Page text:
We are all aware of the serious negative effects of long-term overeating and sedentary life styles, including obesity, diabetes and high blood pressure. Past research has indicated that even a few days of eating more calories than you use has negative health effects. However, researchers from the University of Bath in Great Britain have found that daily exercise may actually counteract the negative affects of short term inactivity and overeating!
 
The week-long study included 26 healthy men, ranging in ages from their late teens to early thirties. All participants gave blood samples and had oral glucose tests; samples of abdominal fat was also taken from all members of both groups.
 
Volunteers were separted into two groups, one group was asked to limit physical activity to below 4,000 steps each day and eat fifty per cent more calories than normal. The other group was told to eat seventy-five percent more calories and run on a treadmill for 45 minutes per day. This was done so the ‘net daily surplus’ of calories was the same for both groups.
 
The results were amazing! The inactive group demonstrated a marked decline in blood sugar control, fat cells indicated that both nutritional balance and metabolism were disturbed. Meanwhile the results for those in the exercise group were markedly different: blood sugar levels remained stable, and changes in fat cells were significantly lower!
 
In other words, even though the exercise group ate more, and both groups had the same ‘net’ daily energy intake/output … the participants in the exercise group were protected from many of the negative effects of overeating!
 
This is an important new information that supports the importance of exercise in our daily lives! Remember, when you’re not in a period of overeating and lowered activity, the benefits of exercise will keep you healthy and happy throughout the year!
 
• Helps prevent weight gain and maintain weight loss.
Protects against heart disease by boosting high-density lipoprotein while lowering unhealthy triglycerides levels.
 
• Helps in the fight against depression while lifting your spirits.
Boosts energy levels.
 
• Is important in the prevention of a wide range of health problems, including including stroke, metabolic syndrome, type 2 diabetes, some types of cancer and arthritis.
 
Protect yourself against the negative health effects of overeating this season with a good daily workout … and get a head start for the upcoming new year!
 
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Holiday Eating Tips

[Written by Peter Nielsen].
 
The holiday parties and family gatherings are in full swing. The whirlwind of preparing for and partaking in the festivities can really take us off guard, no matter how many years we’ve prepared for it. You want to enjoy warmth and love of the season, but you certainly don’t want to pay for it with those extra pounds later! There are a few easy steps you can take that will help you maintain your weight without distracting you from the moment.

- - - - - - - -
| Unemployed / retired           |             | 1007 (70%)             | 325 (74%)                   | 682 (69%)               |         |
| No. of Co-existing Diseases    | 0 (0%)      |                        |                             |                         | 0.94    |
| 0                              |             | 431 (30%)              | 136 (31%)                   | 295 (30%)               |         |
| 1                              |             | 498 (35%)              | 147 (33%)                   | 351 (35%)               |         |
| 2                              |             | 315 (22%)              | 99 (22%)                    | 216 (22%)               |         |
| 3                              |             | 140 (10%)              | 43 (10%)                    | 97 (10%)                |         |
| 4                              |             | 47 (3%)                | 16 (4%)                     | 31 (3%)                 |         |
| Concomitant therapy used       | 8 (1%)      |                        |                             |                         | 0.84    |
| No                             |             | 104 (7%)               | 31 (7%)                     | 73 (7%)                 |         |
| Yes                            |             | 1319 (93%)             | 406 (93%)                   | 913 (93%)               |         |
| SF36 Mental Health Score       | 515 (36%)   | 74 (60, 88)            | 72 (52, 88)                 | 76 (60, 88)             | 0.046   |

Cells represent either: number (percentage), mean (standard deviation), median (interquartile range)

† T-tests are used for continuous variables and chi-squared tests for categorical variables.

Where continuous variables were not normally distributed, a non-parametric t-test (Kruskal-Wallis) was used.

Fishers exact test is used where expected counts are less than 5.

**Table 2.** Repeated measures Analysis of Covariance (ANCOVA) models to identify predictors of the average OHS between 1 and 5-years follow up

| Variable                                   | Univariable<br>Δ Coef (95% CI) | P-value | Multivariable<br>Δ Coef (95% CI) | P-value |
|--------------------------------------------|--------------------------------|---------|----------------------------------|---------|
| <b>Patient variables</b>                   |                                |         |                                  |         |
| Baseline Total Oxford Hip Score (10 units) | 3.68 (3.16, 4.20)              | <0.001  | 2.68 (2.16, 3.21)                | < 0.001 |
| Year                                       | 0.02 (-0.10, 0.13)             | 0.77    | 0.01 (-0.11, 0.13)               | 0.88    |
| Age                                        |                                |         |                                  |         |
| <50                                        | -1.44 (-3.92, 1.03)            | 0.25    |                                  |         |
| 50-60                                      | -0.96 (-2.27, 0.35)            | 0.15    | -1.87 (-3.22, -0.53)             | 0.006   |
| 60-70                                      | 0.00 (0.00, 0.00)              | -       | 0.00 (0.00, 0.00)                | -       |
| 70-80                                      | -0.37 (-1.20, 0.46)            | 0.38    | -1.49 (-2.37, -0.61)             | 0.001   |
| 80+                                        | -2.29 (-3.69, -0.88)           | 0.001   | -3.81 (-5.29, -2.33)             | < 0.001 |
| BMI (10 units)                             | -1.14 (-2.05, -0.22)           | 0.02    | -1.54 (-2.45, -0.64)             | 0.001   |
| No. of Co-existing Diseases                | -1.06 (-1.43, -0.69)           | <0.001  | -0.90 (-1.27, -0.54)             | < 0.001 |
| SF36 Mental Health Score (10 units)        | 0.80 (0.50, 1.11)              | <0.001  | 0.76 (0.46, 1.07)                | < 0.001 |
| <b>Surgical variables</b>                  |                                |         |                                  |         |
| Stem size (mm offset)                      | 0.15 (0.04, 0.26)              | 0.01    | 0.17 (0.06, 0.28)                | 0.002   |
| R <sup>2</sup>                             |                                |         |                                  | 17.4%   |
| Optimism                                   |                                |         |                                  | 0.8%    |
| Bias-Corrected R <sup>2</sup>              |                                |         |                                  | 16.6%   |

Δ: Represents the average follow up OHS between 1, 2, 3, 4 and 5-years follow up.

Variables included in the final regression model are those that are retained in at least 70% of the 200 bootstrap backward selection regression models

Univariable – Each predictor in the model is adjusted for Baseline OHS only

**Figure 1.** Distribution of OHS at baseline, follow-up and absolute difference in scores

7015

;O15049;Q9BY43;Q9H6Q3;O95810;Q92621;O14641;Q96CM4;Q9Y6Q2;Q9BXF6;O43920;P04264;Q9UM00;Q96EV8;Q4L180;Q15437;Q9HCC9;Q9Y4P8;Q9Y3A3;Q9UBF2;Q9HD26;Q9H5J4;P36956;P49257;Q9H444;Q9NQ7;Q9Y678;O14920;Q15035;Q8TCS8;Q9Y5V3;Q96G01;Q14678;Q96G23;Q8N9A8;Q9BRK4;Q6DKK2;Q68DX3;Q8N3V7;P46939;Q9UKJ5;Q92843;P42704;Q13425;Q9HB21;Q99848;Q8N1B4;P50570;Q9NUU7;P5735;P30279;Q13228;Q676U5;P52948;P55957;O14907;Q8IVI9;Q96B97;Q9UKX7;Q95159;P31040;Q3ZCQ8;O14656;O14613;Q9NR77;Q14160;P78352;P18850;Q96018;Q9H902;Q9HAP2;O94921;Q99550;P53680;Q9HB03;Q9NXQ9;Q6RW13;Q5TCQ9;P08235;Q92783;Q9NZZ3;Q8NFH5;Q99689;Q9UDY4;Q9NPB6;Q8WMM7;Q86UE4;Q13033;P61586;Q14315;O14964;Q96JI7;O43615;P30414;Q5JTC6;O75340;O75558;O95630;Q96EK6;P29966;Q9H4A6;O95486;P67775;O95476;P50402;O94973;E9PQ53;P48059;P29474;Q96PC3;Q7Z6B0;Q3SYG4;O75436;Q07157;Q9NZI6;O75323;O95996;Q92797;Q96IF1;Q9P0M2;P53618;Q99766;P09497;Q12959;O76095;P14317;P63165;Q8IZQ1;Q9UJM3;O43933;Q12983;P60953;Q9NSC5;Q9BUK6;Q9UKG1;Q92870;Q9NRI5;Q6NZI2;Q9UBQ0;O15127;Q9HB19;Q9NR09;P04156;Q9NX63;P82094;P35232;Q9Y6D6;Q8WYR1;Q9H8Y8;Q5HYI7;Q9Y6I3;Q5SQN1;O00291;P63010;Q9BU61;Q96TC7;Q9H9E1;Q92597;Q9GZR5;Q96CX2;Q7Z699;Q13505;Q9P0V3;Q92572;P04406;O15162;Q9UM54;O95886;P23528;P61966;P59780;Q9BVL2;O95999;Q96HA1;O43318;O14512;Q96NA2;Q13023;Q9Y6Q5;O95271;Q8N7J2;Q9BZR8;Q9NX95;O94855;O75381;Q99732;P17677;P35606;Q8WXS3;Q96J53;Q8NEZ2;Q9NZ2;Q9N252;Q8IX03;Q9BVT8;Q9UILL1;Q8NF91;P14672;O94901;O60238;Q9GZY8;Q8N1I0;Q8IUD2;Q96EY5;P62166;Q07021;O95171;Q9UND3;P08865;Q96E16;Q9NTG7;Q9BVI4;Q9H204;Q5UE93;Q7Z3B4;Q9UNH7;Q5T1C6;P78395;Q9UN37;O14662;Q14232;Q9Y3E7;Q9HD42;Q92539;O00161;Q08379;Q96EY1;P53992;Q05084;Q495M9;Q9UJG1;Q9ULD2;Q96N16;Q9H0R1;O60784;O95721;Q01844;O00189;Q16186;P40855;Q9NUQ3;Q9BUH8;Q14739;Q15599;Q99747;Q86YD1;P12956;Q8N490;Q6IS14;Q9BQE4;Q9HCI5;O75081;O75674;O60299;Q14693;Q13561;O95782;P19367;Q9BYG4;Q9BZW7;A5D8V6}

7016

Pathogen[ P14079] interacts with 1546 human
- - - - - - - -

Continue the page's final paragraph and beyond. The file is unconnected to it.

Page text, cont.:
• Have a small healthy snack before you leave the house. Walnuts are a great choice. They’re packed with protein and fiber, making them an excellent choice for keeping hunger at bay.
 
• Go easy on the appetizers, choose vegetables and fruits with dip or whole-grain crackers.
 
• If you’re at a buffet, start on the salad end of the table. If you’re the host, put the fruit and vegetables at the beginning of the table. A recently conducted study with 124 adults asked participants to select food from two breakfast buffets. The first buffet table had fruit and other healthy foods at the front of the table with fattier foods at the end, while the second buffet had the fatty foods at the front of the table and healthy foods at the end. Both tables contained the same items.
 
Eighty-six percent of the participants chose fruit when it was the first item on the buffet table, compared to 54 percent who selected fruit when it was at the end of the table. They also found that the first three food items chosen from the buffet made up 66 percent of their total choices, regardless of whether the items were high or low-calorie foods.
 
• Try using smaller plates for your meals if they’re available! Different studies have shown that smaller plates lead to actually eating less!
 
• Don’t let yourself feel deprived, have a dessert or cookie, AFTER you’ve eaten a healthy meal!
 
Even though you’re may be much busier than usual, make time for exercise. Exercise not only helps prevent weight gain, it relieves holiday stress. Add an extra 15-minute walk or run to your fitness schedule to help offset holiday eating.
 
Follow these simple suggestions and support your overall goals throughout the holidays into the New Year!